2 μg of anti-syndecan-3 or normal goat IgG (negative control) was added to each cell lysate and incubated for immunoprecipitation over night at 4°C. The immunocomplexes were collected by protein A/G agarose beads and washed three times in Triton lysis buffer before boiling in SDS loading buffer followed by SDS-PAGE analysis.
PAGE analyses and immunoblotting
Protein cell lysates, immunoprecipitates and recombinant TFPI protein (100 ng) were analyzed on precast 4–15% Criterion Tris-HCL gels (#345–0028, BioRad Laboratories) with (reducing) or without 0.1% SDS (non-reducing conditions) in Tris/Glycine/SDS (25 mM Tris, 192 mM Glycine, 0.1% SDS, pH 8.3, #161–0772,) or Tris/Glycine running buffer (25 mM Tris, 192 mM Glycine, pH 8.3, #161–0771, BioRad Laboratories), respectively. A native sample buffer (#161–0738, BioRad Laboratories) was used for non-reducing conditions. Proteins were blotted onto PVDF membranes (RPN 303F, GE Healthcare), which were blocked in 1% casein in TBST for 60 min at room temperature, incubated overnight at 4°C with primary antibodies, washed three times 10 min in TBST and incubated with a horseradish-peroxidase-conjugated secondary antibody. Blots were developed using ECL Prime (RPN 2232, GE HealthCare). The chemiluminescent signals were detected by Las 1000 (Fujifilm, Tokyo, Japan). Immunoblots of immunoprecipitates were stripped for 30 min between antibodies. For native PAGE, two identical immunoblots were run in parallel to ensure specific signals from anti-TFPIα and anti-syndecan-3. Thereafter the immunoblots were stripped for 45 min (Pierce) and reprobed to confirm that the antibodies recognized a protein complex of identical size. ImageJ was used for densitometric quantification of protein bands on immunoblots.
HCAEC and Sum102 cells were transfected with siRNA against syndecan-3 (48 h) in 12-well plates as described above. Cells were washed twice in wash solution (10 mM HEPES, 150 mM NaCl, 4 mM KCl, and 11 mM Glucose, pH 7.5) and incubated for 1 hour at 37°C in reaction solution (wash buffer with 5 mg/mL BSA and 5 mM CaCl2, pH 7.5) containing 10 nM FVIIa and 175 nM FX. Following incubation, 50 μL were transferred to 100 μL stop solution (50 mM Tris HCl, 150 mM NaCl, 25 mM EDTA, and 1 mg/mL BSA, pH 7.5) on ice before incubated with 50 μL FXa substrate (CS-11(22)). The absorbance at 405 nm was recorded at 37°C for 45 min at 15 sec intervals using a Spectra Max Plus 384 microplate reader (Molecular Devices, Sunnyvale, CA, USA). The maximum velocities (Vmax) in mU/min were used to calculate the amount of FXa generated, using a standard curve obtained with known concentrations of FXa. HCAEC cells were treated with PMA (10 nM, 6 hours) prior to the assay to induce the TF expression. A ~600-fold upregulation of TF mRNA levels was confirmed using qRT-PCR.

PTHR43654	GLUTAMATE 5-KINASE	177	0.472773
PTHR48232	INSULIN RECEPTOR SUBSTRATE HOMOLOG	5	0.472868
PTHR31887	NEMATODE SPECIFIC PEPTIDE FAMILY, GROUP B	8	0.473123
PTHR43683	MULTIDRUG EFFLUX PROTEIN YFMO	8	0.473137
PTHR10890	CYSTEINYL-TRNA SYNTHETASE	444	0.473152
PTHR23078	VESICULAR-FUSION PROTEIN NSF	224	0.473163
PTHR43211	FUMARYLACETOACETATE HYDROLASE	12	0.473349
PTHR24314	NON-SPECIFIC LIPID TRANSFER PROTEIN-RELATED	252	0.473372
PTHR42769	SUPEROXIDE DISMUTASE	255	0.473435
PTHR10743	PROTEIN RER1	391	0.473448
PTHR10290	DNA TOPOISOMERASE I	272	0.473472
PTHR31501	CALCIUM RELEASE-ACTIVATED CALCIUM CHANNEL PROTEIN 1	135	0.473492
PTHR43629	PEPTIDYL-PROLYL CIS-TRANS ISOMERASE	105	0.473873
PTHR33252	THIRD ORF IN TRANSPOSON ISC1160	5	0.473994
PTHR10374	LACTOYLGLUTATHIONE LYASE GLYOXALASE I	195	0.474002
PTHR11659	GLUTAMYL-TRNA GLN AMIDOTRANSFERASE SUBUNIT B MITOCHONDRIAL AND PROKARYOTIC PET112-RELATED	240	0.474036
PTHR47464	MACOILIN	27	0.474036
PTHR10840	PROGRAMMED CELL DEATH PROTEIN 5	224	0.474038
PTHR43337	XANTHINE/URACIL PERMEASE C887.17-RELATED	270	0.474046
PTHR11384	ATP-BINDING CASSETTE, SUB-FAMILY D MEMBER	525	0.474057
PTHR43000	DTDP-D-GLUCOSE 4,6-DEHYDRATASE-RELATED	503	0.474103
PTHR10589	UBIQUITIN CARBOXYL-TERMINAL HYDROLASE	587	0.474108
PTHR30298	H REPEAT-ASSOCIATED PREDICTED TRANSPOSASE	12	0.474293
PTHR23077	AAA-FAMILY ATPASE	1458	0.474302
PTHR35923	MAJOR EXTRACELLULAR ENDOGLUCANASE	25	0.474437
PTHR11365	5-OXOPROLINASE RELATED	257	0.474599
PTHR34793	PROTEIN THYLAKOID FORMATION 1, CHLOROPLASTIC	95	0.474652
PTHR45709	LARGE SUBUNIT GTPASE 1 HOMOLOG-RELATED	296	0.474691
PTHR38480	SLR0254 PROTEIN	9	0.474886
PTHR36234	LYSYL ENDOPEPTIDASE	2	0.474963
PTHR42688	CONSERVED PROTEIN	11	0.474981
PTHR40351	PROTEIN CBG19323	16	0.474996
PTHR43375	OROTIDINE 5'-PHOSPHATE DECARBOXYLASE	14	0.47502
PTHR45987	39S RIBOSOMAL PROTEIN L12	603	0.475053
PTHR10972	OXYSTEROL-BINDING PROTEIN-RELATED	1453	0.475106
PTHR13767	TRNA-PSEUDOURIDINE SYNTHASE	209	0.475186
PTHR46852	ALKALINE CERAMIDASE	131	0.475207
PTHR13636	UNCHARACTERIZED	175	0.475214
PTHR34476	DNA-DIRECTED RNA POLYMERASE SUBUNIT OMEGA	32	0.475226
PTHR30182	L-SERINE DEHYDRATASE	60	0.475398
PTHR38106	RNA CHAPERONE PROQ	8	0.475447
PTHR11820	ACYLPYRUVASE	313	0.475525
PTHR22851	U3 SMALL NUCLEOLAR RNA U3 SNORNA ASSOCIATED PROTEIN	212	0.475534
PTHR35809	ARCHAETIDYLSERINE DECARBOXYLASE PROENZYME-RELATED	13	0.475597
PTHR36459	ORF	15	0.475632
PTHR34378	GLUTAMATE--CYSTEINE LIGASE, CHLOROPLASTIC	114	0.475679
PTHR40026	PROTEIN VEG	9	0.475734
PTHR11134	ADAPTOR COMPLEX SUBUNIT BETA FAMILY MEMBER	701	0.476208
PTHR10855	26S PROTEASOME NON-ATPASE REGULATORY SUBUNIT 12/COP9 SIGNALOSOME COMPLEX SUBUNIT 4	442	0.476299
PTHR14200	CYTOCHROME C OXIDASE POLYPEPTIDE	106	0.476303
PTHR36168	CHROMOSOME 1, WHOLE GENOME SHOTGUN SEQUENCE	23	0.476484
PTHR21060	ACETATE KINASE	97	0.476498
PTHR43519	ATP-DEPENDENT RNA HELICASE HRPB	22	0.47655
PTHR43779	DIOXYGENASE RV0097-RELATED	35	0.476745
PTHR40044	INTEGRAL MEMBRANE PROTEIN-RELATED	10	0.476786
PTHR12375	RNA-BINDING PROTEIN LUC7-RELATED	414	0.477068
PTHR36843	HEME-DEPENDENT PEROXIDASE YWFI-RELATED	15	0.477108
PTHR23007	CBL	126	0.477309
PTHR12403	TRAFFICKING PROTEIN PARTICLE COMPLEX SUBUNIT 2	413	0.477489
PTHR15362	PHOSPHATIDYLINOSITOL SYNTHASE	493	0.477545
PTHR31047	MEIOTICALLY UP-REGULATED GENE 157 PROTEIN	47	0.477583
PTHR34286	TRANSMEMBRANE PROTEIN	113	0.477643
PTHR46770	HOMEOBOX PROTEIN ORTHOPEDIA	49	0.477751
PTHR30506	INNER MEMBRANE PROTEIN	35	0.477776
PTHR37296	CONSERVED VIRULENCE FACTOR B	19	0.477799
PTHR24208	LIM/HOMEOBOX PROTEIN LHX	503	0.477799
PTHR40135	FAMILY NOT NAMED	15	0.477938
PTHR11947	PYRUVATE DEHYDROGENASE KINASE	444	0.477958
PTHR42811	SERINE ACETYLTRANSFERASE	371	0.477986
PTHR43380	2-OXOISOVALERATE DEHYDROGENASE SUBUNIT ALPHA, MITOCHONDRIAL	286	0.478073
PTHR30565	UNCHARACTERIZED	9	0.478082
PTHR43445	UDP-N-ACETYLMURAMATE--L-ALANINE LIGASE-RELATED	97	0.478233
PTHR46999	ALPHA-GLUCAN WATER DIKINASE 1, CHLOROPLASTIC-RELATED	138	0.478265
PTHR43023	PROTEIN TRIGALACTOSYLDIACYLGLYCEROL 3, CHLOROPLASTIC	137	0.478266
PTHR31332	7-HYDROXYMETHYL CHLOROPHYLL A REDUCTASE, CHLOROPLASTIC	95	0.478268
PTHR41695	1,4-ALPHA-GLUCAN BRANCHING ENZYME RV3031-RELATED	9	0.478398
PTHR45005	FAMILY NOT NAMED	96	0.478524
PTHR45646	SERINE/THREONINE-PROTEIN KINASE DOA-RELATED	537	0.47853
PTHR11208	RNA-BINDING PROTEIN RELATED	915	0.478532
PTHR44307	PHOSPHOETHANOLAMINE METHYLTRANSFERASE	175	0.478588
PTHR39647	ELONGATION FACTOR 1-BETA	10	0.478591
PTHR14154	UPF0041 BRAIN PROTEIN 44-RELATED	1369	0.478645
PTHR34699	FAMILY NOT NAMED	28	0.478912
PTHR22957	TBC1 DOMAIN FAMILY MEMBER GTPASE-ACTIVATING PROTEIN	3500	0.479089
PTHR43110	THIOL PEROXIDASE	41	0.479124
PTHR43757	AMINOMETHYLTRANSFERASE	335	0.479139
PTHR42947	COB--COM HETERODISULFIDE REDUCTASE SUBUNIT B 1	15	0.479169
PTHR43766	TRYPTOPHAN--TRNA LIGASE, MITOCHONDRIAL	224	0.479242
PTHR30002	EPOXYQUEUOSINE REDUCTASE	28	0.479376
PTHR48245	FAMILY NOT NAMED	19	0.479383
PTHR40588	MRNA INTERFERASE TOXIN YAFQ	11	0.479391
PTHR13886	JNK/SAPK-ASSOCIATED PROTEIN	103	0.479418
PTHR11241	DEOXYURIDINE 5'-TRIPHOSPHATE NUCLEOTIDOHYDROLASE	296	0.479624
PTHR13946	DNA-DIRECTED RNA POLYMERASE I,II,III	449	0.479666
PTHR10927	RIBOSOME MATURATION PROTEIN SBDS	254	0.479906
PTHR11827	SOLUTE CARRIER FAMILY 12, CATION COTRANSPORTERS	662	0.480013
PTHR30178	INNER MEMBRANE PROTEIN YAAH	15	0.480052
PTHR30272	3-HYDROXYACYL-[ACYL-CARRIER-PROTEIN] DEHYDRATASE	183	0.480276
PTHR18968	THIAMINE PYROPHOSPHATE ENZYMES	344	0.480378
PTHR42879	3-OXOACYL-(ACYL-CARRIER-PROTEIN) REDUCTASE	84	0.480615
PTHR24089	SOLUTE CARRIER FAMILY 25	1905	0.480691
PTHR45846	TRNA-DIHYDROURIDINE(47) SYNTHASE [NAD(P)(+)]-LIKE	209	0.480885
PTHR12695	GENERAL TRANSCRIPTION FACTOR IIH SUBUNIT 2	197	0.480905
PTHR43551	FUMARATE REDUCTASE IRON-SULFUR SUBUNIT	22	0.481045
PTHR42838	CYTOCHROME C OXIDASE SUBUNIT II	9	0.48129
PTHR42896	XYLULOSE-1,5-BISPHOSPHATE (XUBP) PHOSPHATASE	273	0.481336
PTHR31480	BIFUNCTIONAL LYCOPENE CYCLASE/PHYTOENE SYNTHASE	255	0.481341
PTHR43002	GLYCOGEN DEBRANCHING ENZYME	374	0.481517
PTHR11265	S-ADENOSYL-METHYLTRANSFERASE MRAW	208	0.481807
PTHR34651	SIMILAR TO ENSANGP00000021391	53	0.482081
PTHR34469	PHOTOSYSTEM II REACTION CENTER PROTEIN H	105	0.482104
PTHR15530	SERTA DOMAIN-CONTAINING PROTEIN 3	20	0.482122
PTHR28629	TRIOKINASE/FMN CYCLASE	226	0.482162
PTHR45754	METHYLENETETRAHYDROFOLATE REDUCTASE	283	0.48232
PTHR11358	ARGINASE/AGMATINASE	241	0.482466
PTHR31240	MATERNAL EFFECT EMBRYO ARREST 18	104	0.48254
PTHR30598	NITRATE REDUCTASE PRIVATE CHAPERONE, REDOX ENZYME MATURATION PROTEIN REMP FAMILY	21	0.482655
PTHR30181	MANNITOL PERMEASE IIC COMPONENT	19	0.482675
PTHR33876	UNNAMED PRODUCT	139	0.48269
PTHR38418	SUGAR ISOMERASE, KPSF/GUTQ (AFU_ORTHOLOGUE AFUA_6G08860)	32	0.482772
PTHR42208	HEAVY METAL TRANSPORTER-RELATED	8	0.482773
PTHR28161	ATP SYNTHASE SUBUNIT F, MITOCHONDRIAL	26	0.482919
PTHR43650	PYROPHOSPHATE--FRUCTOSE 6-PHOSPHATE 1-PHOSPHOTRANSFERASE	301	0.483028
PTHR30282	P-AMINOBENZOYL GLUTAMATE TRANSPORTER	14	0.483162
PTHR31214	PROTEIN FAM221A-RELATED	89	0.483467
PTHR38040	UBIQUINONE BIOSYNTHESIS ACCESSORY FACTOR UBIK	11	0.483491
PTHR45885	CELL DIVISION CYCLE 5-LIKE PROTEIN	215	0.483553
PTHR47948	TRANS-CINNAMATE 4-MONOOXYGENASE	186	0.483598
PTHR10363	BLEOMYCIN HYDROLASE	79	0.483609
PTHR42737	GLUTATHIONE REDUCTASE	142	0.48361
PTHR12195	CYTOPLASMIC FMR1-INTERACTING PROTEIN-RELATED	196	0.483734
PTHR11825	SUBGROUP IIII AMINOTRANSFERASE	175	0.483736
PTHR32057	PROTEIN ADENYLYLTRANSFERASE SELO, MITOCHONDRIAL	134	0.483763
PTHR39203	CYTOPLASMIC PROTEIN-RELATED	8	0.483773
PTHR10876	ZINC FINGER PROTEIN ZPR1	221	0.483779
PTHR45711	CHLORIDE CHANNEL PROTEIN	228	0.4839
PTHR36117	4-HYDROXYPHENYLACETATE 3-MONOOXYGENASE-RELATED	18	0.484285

Statistical analysis was performed using GraphPad Prism software version 5.0 (PRISM5) (GraphPad Software Inc, LaJolla, CA). Student’s t-tests were performed to test for significant differences when data were normally distributed. Otherwise, the non-parametric Mann Whitney U test was used. *p<0.05, **p<0.01 and ***p<0.001.
Expression levels of syndecans in TFPI-expressing cells
HSPGs have previously been reported to bind TFPI. In the search for potential TFPI binding candidates, the mRNA expression levels of syndecans 1–4 were determined in a selection of TFPI-expressing cells. The expression levels of the syndecans varied considerably between the three cell types tested; HCAEC, HCASMC, and Sum102 (Fig. 1). The syndecans were expressed in all cell lines, and the expression levels of syndecan-3 and 4 showed the least variation among the cells.
Sum102, HCAEC, and HCASMC cells were analyzed for mRNA expression of syndecan 1–4 by qRT-PCR. The ΔΔCt method was used to calculate the relative expression (RQ) against the average endogenous control expression among all the cells, and the threshold was set at Ct = 40 (no amplification). Mean values + SD (n = 3 biological parallels) are presented.
Effect of syndecan knock down on the cell surface levels of TFPI
To explore whether the syndecans might be potential TFPI cell surface binding candidates, siRNA technology was applied. After transient knock down of syndecans 1–4, the cells were allowed to bind a TFPI specific antibody followed by staining with a RPE-linked secondary antibody and flow cytometry analysis.